A competitive sports program is arguably the most valuable and overlooked tool in developing warrior-leaders. Competitive sports are fun and unique training events that provide Soldiers a valuable opportunity to develop an aggressive combatant spirit on the confines of unit athletic fields.

Following World War I, GEN Douglas MacArthur said, “Upon the fields of friendly strife are sown the seeds that upon other fields, on other days, will bear the fruits of victory.” This quote refers to MacArthur’s belief that sports are an indispensable tool in preparing Soldiers for combat. Through sports, Soldiers develop critical teamwork and communications skills while embracing competition.

Similar to the actions on contact battle drill, athletic competition requires Soldiers to understand the environment, assess the situation and make split-second decisions against unpredictable opponents. Also, team sports teach Soldiers how to cooperate with each other in the pursuit of a common group objective. The parallel between sports and combat is why GEN Alexander Haig thought that “sports provided the only peacetime activity where the stressors were similar to those on a battlefield.”4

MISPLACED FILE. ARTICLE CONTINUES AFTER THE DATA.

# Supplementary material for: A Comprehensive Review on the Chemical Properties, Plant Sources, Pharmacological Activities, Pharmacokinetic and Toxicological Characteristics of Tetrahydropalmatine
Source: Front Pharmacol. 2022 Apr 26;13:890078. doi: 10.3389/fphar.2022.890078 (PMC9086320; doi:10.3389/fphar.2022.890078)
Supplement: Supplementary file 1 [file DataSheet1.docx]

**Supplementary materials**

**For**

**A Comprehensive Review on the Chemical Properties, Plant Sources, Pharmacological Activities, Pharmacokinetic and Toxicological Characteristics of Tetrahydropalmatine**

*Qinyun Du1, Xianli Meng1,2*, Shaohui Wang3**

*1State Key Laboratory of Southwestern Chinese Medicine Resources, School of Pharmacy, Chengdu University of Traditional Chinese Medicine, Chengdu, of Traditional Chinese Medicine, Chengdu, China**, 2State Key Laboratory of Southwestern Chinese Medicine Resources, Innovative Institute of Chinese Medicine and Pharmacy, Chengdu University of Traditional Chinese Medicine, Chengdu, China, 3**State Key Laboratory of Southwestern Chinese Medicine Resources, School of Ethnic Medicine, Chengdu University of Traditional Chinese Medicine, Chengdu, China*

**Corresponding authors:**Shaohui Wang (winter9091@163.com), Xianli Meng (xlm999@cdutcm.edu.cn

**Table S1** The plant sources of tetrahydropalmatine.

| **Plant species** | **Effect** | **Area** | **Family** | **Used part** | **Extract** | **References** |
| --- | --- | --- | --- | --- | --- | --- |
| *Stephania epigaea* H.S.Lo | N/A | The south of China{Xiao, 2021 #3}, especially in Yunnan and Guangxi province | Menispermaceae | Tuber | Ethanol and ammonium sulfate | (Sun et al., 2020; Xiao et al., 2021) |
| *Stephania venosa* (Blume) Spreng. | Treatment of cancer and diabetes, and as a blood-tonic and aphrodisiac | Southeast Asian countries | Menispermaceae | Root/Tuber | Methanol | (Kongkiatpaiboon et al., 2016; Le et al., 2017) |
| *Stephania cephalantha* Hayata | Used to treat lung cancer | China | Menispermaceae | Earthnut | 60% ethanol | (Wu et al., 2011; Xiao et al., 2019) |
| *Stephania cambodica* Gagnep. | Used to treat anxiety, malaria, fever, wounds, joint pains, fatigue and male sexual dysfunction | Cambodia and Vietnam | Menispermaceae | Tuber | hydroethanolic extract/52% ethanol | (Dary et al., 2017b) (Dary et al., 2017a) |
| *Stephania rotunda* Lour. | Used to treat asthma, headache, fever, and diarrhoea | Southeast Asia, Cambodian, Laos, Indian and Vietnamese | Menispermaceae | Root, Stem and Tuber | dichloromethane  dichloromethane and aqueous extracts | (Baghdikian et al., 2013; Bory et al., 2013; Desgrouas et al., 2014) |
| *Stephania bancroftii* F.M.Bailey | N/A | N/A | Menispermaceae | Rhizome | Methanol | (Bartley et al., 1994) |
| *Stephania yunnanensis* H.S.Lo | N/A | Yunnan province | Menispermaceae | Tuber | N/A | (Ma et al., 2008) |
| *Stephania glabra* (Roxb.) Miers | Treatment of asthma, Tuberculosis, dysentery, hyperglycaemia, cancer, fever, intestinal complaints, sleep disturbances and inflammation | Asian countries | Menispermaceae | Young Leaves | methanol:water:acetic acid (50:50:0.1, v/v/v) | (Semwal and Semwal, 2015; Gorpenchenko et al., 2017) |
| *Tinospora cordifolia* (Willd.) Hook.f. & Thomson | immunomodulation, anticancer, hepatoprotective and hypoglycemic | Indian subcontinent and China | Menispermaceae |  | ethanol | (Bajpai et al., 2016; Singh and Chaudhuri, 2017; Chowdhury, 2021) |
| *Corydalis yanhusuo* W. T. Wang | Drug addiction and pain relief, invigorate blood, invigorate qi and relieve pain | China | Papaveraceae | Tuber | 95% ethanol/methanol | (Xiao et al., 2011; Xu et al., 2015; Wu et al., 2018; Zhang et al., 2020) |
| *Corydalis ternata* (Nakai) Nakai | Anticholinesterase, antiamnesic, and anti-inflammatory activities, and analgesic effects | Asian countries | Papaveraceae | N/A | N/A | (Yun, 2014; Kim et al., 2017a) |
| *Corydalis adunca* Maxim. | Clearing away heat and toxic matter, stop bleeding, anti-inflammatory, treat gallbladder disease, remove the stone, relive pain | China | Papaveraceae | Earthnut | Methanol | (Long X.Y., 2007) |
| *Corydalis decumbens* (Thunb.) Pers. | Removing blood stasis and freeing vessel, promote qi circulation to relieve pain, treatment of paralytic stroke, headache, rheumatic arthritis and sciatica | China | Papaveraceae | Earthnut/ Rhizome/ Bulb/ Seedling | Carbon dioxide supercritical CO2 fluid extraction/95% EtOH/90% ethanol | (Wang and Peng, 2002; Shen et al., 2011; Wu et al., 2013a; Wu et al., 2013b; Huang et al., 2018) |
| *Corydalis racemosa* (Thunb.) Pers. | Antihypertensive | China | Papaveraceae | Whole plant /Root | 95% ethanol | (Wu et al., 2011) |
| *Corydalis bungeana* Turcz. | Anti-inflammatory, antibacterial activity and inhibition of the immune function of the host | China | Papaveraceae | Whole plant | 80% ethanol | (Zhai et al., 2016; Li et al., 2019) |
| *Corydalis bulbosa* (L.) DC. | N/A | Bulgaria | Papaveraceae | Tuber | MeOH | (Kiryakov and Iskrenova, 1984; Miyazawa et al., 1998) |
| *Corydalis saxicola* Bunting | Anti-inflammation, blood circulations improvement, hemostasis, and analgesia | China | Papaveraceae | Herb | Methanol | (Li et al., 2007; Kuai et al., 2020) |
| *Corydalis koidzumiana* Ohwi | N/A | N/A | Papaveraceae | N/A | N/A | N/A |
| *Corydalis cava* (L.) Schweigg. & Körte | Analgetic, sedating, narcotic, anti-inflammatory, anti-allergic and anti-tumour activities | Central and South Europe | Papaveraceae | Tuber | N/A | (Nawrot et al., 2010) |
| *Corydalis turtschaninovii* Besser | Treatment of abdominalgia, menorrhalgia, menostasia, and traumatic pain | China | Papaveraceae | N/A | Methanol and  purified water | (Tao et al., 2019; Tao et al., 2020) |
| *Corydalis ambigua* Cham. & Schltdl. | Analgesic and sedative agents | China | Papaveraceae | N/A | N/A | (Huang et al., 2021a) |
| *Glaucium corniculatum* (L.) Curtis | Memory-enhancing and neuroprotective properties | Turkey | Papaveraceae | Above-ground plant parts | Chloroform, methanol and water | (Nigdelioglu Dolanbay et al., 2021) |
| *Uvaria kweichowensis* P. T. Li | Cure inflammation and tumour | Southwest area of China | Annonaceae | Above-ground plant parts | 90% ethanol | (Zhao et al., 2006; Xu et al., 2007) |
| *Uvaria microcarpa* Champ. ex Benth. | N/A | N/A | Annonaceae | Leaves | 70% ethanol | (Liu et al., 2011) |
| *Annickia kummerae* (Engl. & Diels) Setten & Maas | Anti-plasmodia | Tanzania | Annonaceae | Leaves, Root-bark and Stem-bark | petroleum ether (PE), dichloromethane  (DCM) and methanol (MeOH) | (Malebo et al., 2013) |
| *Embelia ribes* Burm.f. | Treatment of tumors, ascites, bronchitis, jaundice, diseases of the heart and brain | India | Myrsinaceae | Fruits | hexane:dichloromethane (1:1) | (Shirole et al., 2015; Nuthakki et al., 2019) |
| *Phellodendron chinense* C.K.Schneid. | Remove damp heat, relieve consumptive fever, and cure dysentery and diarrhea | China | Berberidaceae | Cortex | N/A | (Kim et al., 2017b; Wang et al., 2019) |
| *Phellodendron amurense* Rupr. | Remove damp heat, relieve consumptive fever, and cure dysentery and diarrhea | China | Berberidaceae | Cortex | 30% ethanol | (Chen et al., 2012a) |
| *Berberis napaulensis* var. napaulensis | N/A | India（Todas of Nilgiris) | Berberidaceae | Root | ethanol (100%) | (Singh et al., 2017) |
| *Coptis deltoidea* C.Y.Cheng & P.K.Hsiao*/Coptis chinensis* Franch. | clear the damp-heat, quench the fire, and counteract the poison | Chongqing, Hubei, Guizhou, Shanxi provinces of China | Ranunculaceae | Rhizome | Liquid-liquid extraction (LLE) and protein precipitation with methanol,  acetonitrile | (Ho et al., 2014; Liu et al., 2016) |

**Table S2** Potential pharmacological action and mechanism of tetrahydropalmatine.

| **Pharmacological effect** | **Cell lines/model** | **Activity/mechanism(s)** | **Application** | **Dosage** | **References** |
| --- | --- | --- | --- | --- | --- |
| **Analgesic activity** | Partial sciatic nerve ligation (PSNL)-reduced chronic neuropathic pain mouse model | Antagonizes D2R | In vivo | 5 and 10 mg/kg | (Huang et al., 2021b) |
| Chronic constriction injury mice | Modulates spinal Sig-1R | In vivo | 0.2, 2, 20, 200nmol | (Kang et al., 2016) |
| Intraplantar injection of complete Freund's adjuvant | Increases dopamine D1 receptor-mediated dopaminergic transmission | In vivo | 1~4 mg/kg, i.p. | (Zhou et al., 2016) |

The importance of sports in developing characteristics desirable in combat was obvious to generals MacArthur and Haig. Likewise, leaders today can prepare for future conflicts by cultivating these warrior traits through the participation in sports.

Nurturing warrior spirit

The post-conflict Army will be challenged to maintain the combat proficiency gained through a decade of war. Budget constraints and changing priorities will limit the resources available to train the physical tasks and skills so critical during combat operations. Vanishing are the days of abundant ammunition and range time, many live-fire exercises and vehicle maneuvers. Leaders must adapt and realize that during these challenging periods, opportunity still exists.

Although many physical combat skills requiring resources and repetition will become dull or deteriorate altogether, the proper warrior mindset for combat can still be trained and maintained. This mentality, which is every bit as valuable as core combat tasks, can be exercised through PRT, combatives and sports. Keeping a Soldier’s mind and body sharp, while simultaneously nurturing the necessary warrior spirit, only requires the unit physical-training field or post athletic fields.

Take advantage of the opportunity by keeping the physical-training gear and mouthguard close – it’s time to train like a warrior!


1 Headquarters Department of the Army, Training Circular 3-22.20, Army Physical-Readiness Training, Washington, DC, Aug. 10, 2010.

2 Headquarters Department of the Army, Field Manual 3-25.150, Combatives, Washington, DC, Jan. 18, 2002.

3 Ibid.

4 Pim, Ralph, West Point Competitive Sports Program, West Point, NY: Academy Print Plant, 2011.